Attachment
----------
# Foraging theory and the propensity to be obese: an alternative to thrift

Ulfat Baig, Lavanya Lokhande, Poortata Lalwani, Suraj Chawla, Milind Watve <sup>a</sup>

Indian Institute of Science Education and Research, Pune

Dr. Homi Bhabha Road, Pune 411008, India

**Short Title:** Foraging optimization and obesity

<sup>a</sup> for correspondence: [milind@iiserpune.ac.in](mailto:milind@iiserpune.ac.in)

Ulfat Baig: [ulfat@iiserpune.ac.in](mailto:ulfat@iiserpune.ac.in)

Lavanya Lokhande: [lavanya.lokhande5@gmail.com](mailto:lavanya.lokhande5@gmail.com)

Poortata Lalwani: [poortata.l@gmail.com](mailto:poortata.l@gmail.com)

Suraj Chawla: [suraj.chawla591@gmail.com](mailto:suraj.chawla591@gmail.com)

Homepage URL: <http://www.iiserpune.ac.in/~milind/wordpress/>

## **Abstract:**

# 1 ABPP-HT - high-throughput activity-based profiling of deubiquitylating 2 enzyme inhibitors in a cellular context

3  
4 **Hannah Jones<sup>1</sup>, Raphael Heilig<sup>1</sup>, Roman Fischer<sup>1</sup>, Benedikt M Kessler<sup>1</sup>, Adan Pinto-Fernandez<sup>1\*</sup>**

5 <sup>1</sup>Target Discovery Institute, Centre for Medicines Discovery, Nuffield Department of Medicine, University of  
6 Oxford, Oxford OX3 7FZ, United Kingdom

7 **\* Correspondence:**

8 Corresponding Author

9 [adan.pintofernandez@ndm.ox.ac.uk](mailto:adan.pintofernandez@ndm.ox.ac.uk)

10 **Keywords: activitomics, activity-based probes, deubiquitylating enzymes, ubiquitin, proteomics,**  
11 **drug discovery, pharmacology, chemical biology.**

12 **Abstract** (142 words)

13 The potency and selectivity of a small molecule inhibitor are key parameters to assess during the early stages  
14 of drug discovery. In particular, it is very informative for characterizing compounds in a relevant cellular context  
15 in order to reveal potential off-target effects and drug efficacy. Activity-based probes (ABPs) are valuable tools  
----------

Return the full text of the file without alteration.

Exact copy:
# Foraging theory and the propensity to be obese: an alternative to thrift

Ulfat Baig, Lavanya Lokhande, Poortata Lalwani, Suraj Chawla, Milind Watve <sup>a</sup>

Indian Institute of Science Education and Research, Pune

Dr. Homi Bhabha Road, Pune 411008, India

**Short Title:** Foraging optimization and obesity

<sup>a</sup> for correspondence: [milind@iiserpune.ac.in](mailto:milind@iiserpune.ac.in)

Ulfat Baig: [ulfat@iiserpune.ac.in](mailto:ulfat@iiserpune.ac.in)

Lavanya Lokhande: [lavanya.lokhande5@gmail.com](mailto:lavanya.lokhande5@gmail.com)

Poortata Lalwani: [poortata.l@gmail.com](mailto:poortata.l@gmail.com)

Suraj Chawla: [suraj.chawla591@gmail.com](mailto:suraj.chawla591@gmail.com)

Homepage URL: <http://www.iiserpune.ac.in/~milind/wordpress/>

## **Abstract:**

# 1 ABPP-HT - high-throughput activity-based profiling of deubiquitylating 2 enzyme inhibitors in a cellular context

3  
4 **Hannah Jones<sup>1</sup>, Raphael Heilig<sup>1</sup>, Roman Fischer<sup>1</sup>, Benedikt M Kessler<sup>1</sup>, Adan Pinto-Fernandez<sup>1\*</sup>**

5 <sup>1</sup>Target Discovery Institute, Centre for Medicines Discovery, Nuffield Department of Medicine, University of  
6 Oxford, Oxford OX3 7FZ, United Kingdom

7 **\* Correspondence:**

8 Corresponding Author

9 [adan.pintofernandez@ndm.ox.ac.uk](mailto:adan.pintofernandez@ndm.ox.ac.uk)

10 **Keywords: activitomics, activity-based probes, deubiquitylating enzymes, ubiquitin, proteomics,**  
11 **drug discovery, pharmacology, chemical biology.**

12 **Abstract** (142 words)

13 The potency and selectivity of a small molecule inhibitor are key parameters to assess during the early stages  
14 of drug discovery. In particular, it is very informative for characterizing compounds in a relevant cellular context  
15 in order to reveal potential off-target effects and drug efficacy. Activity-based probes (ABPs) are valuable tools  